For decades, it has been normal for job offers to be sorted by speciality, sector or trade. This has been the case with traditional job boards, the salmon pages of newspapers and even the first versions of Internet job portals. But for some time now, a different filter has appeared through which to define and limit the applicant: the generational factor.
A quick dive through InfoJobs or LinkedIn is enough to find packages of offers aimed at Generation X, regardless of the technological branch or the specialty to which they are limited. These are professional vacancies that include specific incentives for that particular public. Despite the heterogeneous nature of the so-called MTV Generation, their determination to lead an active, balanced and happy life stands out as a characteristic feature.
Is Generation X different?
Does that mean that previous or subsequent generations are not looking for the same thing? They do pursue it, but not through work, but in spite of it. Generation X equals personal needs to professional ones, in the interest of work-life balance and the development of their passion for outdoor leisure and culture, among other hobbies.
This is why they value professional, social or environmental commitments in their companies over traditional corporatism, which no longer serves as an anchor for a generation that is not afraid of changing their professional project if it delves into the unbalanced work life balance suffered by their parents. This is because “the standards of our upbringing shape us. As much or more than the events, people and problems we encounter along the way that change from one generation to the next,” as the sociologists who participated in the University of Michigan’s MTV Generation study agree.
Precisely because of this, and because of the serious economic crisis of the 1980s which led them to take their first professional steps in a strangulated market with hardly any vacancies to offer, they select their jobs very well. They are not afraid, as we said, to change projects if they are not satisfied or if they don’t prioritise the work-life balance that governs their impulses and which is as simple as being able to take or pick up their children from school a couple of times a week or having space to look after their parents.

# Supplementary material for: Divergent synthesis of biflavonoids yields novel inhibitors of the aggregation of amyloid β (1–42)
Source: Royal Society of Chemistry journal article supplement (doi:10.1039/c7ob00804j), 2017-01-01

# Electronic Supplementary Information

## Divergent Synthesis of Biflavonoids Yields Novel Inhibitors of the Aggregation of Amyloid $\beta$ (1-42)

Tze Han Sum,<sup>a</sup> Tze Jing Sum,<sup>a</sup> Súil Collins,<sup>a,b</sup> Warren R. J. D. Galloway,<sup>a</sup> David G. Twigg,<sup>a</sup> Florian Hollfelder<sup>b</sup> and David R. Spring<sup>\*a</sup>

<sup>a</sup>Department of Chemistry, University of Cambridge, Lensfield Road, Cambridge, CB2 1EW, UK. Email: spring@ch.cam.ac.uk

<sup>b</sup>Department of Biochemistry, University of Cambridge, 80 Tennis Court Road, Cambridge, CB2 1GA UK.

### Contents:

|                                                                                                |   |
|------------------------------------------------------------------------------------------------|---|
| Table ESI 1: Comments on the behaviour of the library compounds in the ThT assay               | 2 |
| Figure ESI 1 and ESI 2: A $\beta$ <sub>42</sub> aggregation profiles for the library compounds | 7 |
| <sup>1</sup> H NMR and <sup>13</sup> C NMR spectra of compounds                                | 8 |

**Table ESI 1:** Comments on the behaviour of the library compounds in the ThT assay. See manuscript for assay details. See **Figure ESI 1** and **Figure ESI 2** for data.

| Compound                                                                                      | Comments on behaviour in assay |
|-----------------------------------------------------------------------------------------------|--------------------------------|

These family responsibilities mean that flexible working hours and the ability to work from home as an option are particularly attractive choices for this generation.
A generation willing to demonstrate to their employers that they can prioritise their personal lives without sacrificing the quality of their work.
Social and labour relations viewed from X
Caring for social relations is therefore basic to the MTV Generation to such an extent that, on their list of priorities, the benefits of thriving in and out of work are at the same level. This is a concept of life widely developed by the sociologist Robert Putnam in his work ‘Only at the bowling alley: collapse and resurgence of the American community’, in which he develops the “collective struggle to retrace the career path taken by their parents” for which they neglected life for the sake of work, leading them to a “lifestyle of social isolation“.
The theory, for decades, has been that of the culture of professional effort for a simple individual economic reward and without the capacity to return any benefit to the company. But in practice, when employers strive to create an optimal balance with small rewards, employee job satisfaction and productivity shifts dramatically as a direct benefit to brands.
Generational mentality and attitude
The take-off of this change in mentality is becoming increasingly apparent now that the vast majority of the members of the MTV Generation are entering a stage of working maturity. Because the life cycle, and their ability to adapt to new technological trends – they have experienced the start and boom of the internet – makes them the generation that currently holds the top management positions in companies. Something that may be paradoxical after having grown up against the tide with rebellion as a generational sign of the nineties… right?
The key is that, contrary to what it may seem, inclusion in the managerial ranks has not erased the concerns of the MTV Generation. Rather, they have managed to introduce them into the company culture. They have converted the challenge against the traditional structures with which they grew up in the 1990s into the promotion of incentives that favour work-life balance. And promoting the attraction and retention of talent in exchange for tools and autonomy in terms of personal growth and work-life balance that go beyond the salary as a unique model of compensation in the labour market.
Sources: Forbes, Entrepreneur, Indeed